George Eliot, Daniel Deronda: Vol. 6, Ch. 7

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Chapter XLVII.

  "And you must love him ere to you
  He will seem worthy of your love."

One might be tempted to envy Deronda providing new clothes for Mordecai, and pleasing himself as if he were sketching a picture in imagining the effect of the fine gray flannel shirts and a dressing-gown very much like a Franciscan's brown frock, with Mordecai's head and neck above them. Half his pleasure was the sense of seeing Mirah's brother through her eyes, and securing her fervid joy from any perturbing impression. And yet, after he had made all things ready, he was visited with doubt whether he were not mistaking her, and putting the lower effect for the higher: was she not just as capable as he himself had been of feeling the impressive distinction in her brother all the more for that aspect of poverty which was among the memorials of his past? But there were the Meyricks to be propitiated toward this too Judaic brother; and Deronda detected himself piqued into getting out of sight everything that might feed the ready repugnance in minds unblessed with that precious "seeing," that bathing of all objects in a solemnity as of sun-set glow, which is begotten of a loving reverential emotion.

And his inclination would have been the more confirmed if he had heard the dialogue round Mrs. Meyrick's fire late in the evening, after Mirah had gone to her room. Hans, settled now in his Chelsea rooms, had stayed late, and Mrs. Meyrick, poking the fire into a blaze, said—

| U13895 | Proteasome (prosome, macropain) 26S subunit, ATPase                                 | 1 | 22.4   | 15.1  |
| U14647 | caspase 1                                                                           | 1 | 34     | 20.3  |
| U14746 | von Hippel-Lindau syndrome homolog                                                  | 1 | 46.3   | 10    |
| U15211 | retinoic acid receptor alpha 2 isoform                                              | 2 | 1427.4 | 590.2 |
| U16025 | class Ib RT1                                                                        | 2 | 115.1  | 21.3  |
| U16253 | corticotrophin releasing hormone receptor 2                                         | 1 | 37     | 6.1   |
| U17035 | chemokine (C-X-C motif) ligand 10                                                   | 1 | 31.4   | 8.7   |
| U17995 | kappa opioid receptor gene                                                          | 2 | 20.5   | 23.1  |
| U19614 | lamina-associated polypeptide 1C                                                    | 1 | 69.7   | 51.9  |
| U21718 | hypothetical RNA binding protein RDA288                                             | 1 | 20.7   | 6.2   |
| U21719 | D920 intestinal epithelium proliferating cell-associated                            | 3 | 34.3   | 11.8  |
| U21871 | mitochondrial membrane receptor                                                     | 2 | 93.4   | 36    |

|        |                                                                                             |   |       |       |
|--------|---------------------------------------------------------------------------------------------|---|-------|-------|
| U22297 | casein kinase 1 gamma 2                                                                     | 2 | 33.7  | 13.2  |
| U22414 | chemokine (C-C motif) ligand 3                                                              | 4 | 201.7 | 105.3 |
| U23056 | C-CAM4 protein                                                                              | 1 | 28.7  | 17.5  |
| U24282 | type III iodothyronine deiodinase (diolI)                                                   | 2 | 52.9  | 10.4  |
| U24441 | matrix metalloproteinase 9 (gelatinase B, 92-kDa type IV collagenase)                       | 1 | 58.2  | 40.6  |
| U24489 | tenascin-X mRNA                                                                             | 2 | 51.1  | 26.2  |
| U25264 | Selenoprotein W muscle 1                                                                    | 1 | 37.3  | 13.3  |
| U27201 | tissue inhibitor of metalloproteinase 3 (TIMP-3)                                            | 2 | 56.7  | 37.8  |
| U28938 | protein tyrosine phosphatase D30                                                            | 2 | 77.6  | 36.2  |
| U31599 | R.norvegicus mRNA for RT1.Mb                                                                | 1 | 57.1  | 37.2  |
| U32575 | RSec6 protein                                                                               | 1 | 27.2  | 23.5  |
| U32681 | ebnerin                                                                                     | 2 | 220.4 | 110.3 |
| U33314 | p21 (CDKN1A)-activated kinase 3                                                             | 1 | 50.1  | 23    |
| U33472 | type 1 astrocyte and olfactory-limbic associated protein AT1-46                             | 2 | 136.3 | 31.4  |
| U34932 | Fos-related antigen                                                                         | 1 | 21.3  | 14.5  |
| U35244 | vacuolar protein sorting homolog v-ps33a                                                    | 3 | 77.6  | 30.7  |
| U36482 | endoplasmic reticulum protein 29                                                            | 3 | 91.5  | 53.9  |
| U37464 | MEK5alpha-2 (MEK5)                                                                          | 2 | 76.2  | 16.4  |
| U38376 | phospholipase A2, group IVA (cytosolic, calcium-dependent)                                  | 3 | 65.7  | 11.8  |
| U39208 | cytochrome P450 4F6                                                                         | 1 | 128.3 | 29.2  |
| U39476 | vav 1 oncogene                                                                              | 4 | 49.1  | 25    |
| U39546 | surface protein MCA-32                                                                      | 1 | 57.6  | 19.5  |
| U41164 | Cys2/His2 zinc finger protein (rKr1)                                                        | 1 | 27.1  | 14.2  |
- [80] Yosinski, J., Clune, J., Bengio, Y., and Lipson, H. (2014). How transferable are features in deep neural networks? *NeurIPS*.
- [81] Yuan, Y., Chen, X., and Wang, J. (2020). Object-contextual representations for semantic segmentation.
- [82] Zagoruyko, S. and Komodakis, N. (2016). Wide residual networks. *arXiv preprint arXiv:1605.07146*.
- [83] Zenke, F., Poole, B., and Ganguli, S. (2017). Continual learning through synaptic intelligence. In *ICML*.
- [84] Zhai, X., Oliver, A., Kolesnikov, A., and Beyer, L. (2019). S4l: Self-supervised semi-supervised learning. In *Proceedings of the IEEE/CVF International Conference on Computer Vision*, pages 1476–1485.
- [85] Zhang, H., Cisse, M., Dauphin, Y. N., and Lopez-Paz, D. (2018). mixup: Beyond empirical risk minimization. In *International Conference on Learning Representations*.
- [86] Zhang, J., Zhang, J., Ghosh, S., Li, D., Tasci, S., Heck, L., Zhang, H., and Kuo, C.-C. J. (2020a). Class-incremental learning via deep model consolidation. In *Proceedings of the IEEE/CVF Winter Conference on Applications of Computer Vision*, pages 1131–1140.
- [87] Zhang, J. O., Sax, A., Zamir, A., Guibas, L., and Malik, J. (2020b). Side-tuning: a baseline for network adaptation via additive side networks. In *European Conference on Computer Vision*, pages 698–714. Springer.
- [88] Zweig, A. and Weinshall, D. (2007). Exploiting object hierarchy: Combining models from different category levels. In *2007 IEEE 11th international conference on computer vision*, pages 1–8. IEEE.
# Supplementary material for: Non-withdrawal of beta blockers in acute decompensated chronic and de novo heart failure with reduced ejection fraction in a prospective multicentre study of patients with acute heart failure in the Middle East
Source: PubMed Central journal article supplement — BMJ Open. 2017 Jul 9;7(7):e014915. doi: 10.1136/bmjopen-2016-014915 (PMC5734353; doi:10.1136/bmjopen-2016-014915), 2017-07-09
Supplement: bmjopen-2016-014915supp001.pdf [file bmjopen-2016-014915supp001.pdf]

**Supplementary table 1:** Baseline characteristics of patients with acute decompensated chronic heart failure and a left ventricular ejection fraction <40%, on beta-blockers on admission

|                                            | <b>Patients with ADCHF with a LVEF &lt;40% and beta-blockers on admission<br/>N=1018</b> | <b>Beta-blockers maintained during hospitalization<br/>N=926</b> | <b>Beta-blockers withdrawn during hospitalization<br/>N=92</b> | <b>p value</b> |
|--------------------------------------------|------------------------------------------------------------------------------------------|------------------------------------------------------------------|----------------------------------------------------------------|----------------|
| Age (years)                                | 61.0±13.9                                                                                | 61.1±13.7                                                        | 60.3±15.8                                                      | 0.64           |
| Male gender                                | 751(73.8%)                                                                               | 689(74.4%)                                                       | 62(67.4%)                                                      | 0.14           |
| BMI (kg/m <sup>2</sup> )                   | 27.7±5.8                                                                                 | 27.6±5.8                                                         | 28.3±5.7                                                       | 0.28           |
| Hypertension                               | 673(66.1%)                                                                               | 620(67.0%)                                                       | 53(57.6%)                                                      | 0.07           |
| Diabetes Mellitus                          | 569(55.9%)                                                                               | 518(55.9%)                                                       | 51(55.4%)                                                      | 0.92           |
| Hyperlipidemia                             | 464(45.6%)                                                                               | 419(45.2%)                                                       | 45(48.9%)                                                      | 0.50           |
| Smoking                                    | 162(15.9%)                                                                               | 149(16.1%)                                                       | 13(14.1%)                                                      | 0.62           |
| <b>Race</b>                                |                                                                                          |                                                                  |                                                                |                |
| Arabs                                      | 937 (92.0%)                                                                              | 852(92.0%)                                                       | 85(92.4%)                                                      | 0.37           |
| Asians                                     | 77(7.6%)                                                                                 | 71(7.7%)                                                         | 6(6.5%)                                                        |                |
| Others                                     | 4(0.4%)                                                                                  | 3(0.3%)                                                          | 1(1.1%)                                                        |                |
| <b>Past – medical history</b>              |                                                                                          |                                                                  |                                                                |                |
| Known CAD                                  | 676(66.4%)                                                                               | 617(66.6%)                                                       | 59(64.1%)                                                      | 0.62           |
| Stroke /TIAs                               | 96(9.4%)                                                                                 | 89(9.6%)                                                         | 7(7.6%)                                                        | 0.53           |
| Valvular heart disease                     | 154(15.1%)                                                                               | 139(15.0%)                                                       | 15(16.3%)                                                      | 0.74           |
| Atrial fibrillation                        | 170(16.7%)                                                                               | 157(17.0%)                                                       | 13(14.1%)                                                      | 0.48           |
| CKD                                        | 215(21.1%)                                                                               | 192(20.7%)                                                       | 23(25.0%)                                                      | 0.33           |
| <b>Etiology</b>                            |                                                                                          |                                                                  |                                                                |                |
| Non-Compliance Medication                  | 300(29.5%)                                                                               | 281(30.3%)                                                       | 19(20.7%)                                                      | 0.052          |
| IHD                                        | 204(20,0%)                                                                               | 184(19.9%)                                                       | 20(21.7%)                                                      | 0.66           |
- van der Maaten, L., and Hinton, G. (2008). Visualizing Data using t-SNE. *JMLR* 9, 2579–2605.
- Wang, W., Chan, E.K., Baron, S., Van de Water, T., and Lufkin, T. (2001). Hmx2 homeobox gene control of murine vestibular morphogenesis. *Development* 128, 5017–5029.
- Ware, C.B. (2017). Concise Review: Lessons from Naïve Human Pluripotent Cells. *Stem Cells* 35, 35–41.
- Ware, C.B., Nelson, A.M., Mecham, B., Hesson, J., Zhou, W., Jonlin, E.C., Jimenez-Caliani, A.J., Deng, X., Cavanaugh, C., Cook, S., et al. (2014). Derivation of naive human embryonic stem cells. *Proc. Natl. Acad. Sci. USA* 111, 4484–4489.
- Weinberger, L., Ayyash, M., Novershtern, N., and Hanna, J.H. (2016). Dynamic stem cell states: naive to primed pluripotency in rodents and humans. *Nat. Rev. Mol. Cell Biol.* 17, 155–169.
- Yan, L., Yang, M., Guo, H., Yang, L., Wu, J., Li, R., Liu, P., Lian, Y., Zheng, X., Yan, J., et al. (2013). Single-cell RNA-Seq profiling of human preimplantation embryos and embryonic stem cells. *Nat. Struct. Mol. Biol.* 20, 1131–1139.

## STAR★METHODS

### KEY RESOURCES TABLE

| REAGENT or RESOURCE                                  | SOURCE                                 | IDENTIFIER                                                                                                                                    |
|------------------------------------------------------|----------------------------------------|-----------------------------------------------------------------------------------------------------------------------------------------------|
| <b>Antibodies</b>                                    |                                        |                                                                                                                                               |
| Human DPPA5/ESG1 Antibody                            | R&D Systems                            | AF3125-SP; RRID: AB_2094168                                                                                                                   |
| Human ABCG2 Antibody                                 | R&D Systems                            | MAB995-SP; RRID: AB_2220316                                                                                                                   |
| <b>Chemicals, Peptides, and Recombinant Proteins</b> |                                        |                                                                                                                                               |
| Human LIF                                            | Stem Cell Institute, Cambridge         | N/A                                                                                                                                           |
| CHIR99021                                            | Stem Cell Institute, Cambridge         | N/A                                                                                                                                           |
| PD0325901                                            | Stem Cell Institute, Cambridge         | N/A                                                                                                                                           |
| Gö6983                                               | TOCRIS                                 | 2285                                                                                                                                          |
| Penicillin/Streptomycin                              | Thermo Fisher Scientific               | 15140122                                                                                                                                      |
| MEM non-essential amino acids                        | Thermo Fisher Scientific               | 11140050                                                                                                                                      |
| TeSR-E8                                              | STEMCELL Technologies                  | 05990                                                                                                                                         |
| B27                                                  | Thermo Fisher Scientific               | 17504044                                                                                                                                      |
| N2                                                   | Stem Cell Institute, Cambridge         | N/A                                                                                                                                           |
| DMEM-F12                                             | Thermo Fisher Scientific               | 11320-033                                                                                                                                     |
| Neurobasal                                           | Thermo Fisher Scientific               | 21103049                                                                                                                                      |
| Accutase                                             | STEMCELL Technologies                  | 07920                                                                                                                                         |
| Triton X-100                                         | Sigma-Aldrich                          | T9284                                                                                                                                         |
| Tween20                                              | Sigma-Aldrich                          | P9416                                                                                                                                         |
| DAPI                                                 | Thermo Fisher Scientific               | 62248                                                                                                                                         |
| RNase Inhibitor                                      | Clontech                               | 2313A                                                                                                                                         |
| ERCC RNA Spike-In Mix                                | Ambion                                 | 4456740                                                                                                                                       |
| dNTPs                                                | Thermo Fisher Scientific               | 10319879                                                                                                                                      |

"Now, Kate, put out your candle, and all come round the fire cosily. Hans, dear, do leave off laughing at those poems for the ninety-ninth time, and come too. I have something wonderful to tell."

"As if I didn't know that, ma. I have seen it in the corner of your eye ever so long, and in your pretense of errands," said Kate, while the girls came up to put their feet on the fender, and Hans, pushing his chair near them, sat astride it, resting his fists and chin on the back.

"Well, then, if you are so wise, perhaps you know that Mirah's brother is found!" said Mrs. Meyrick, in her clearest accents.

"Oh, confound it!" said Hans, in the same moment.

"Hans, that is wicked," said Mab. "Suppose we had lost you?"

"I cannot help being rather sorry," said Kate. "And her mother?—where is she?"

"Her mother is dead."

"I hope the brother is not a bad man," said Amy.

"Nor a fellow all smiles and jewelry—a Crystal Palace Assyrian with a hat on," said Hans, in the worst humor.

"Were there ever such unfeeling children?" said Mrs. Meyrick, a little strengthened by the need for opposition. "You don't think the least bit of Mirah's joy in the matter."

"You know, ma, Mirah hardly remembers her brother," said Kate.

"People who are lost for twelve years should never come back again," said Hans. "They are always in the way."

"Hans!" said Mrs. Meyrick, reproachfully. "If you had lost me for twenty years, I should have thought—"

"I said twelve years," Hans broke in. "Anywhere about twelve years is the time at which lost relations should keep out of the way."

"Well, but it's nice finding people—there is something to tell," said
Mab, clasping her knees. "Did Prince Camaralzaman find him?"

Then Mrs. Meyrick, in her neat, narrative way, told all she knew without interruption. "Mr. Deronda has the highest admiration for him," she ended—"seems quite to look up to him. And he says Mirah is just the sister to understand this brother."